Daily Gospel Reflection – Thursday of the Fourth Week of Advent
December 23, 2021
Thursday of the Fourth Week of Advent
Gospel: Lk 1:57-66
When the time arrived for Elizabeth to have her child she gave birth to a son. Her neighbors and relatives heard that the Lord had shown his great mercy toward her, and they rejoiced with her. When they came on the eighth day to circumcise the child, they were going to call him Zechariah after his father, but his mother said in reply, “No. He will be called John.” But they answered her, “There is no one among your relatives who has this name.” So they made signs, asking his father what he wished him to be called. He asked for a tablet and wrote, “John is his name,” and all were amazed. Immediately his mouth was opened, his tongue freed, and he spoke blessing God. Then fear came upon all their neighbors, and all these matters were discussed throughout the hill country of Judea. All who heard these things took them to heart, saying, “What, then, will this child be? For surely the hand of the Lord was with him.”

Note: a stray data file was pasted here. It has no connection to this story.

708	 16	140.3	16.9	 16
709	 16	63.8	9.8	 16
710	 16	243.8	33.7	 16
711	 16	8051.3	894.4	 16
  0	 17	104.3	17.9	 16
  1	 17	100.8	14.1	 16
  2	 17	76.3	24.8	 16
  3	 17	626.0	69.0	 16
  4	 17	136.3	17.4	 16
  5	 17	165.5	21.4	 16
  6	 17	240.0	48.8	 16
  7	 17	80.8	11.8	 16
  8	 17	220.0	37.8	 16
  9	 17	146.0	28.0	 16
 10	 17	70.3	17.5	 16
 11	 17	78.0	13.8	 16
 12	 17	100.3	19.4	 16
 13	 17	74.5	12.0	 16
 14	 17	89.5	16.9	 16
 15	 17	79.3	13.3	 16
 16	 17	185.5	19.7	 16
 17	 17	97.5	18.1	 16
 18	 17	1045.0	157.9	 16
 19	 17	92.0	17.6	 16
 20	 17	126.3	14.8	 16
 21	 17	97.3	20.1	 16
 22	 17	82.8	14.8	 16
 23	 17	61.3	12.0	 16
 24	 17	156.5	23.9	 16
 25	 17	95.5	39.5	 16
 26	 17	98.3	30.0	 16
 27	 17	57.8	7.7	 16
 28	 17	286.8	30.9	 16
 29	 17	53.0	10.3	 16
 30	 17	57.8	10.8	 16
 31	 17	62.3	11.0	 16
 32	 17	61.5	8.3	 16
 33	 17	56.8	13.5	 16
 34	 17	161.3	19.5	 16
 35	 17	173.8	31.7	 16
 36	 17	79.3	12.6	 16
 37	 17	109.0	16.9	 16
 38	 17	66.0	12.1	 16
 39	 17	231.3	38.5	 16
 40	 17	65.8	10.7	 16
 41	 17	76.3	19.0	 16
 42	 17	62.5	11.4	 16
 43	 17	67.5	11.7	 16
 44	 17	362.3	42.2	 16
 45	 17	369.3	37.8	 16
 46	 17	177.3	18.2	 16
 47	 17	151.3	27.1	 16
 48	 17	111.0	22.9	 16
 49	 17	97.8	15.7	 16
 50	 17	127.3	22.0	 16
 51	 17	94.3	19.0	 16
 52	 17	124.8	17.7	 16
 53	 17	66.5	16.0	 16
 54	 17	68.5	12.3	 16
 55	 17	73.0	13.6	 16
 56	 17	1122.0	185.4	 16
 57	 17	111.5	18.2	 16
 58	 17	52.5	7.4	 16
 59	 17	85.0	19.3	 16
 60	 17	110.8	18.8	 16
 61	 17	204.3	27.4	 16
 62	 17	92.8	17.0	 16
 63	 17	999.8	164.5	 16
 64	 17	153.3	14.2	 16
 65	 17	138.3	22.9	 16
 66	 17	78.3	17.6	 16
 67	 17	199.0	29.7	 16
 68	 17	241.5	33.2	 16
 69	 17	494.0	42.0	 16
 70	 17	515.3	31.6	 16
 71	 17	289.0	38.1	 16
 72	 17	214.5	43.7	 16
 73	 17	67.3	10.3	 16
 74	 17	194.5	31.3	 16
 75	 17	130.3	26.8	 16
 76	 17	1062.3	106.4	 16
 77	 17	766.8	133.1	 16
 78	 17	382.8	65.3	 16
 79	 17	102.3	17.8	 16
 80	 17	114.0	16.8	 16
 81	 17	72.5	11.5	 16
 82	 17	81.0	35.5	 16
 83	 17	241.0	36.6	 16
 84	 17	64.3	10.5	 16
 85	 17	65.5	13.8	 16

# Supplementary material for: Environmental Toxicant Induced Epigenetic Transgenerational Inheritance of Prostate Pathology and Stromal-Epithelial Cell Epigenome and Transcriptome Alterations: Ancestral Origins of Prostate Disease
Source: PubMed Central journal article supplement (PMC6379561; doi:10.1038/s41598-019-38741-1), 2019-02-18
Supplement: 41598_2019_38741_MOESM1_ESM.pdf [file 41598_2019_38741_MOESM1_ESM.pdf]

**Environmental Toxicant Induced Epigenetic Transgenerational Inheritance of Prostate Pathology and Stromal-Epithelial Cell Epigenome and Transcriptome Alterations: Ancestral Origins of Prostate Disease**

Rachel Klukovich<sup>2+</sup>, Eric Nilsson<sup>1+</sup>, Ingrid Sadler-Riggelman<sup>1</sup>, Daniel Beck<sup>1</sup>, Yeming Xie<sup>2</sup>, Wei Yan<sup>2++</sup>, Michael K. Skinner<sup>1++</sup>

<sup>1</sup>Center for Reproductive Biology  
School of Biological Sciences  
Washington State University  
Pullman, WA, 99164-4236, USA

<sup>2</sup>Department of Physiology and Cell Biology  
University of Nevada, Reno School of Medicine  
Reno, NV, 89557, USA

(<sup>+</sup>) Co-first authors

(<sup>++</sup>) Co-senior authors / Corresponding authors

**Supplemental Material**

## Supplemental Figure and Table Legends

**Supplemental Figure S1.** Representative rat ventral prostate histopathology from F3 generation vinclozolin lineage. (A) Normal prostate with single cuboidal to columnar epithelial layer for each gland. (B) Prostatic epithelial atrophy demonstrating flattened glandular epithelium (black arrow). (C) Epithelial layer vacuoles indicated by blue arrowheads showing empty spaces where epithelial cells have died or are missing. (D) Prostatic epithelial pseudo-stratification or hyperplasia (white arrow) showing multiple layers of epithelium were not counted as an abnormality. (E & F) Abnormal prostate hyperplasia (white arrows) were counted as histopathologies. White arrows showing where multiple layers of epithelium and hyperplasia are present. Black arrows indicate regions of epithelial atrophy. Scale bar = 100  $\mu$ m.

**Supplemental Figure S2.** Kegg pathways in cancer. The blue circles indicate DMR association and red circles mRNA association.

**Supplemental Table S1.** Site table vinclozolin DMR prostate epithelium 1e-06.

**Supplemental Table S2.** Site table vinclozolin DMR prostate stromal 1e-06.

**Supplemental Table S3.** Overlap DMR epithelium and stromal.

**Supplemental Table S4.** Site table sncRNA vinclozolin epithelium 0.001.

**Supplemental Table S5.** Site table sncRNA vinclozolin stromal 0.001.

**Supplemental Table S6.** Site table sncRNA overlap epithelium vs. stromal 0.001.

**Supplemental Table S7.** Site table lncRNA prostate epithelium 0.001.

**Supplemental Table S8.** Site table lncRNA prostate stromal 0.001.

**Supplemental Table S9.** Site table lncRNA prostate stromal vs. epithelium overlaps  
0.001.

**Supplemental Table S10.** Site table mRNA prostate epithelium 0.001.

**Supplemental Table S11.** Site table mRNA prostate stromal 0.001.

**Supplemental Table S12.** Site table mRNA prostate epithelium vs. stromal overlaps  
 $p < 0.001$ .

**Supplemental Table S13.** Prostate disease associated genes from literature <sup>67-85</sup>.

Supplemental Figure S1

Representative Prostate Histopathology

United States Conference of Catholic Bishops
Bishop Robert Barron
Friends, today’s Gospel tells the story of the birth and naming of John the Baptist. John’s father Zechariah had been rendered speechless after his vision in the sanctuary, but we hear that “his mouth was opened, his tongue freed, and he spoke blessing God.”
What follows this passage is the wonderful Canticle of Zechariah, which puts Jesus and John in the context of the great story of Israel.
Once we grasp that Jesus was no ordinary teacher and healer, but Yahweh moving among his people, we can begin to understand his words and actions more clearly. If we survey the texts of the Old Testament—and the first Christians relentlessly read Jesus in light of these writings—we see that Yahweh was expected to do four great things: he would gather the scattered tribes of Israel; he would cleanse the holy temple in Jerusalem; he would definitively deal with the enemies of the nation; and finally, he would reign as Lord of the world.
The eschatological hope expressed especially in the prophets and the Psalms was that through these actions, Yahweh would purify Israel, and through the purified Israel bring salvation to all. What startled the first followers of Jesus is that he accomplished these four tasks, but in the most unexpected way.
Reflect: The first words Zechariah spoke after being mute for more than six months were in praise of God. How often do you praise God aloud and in the presence of other people?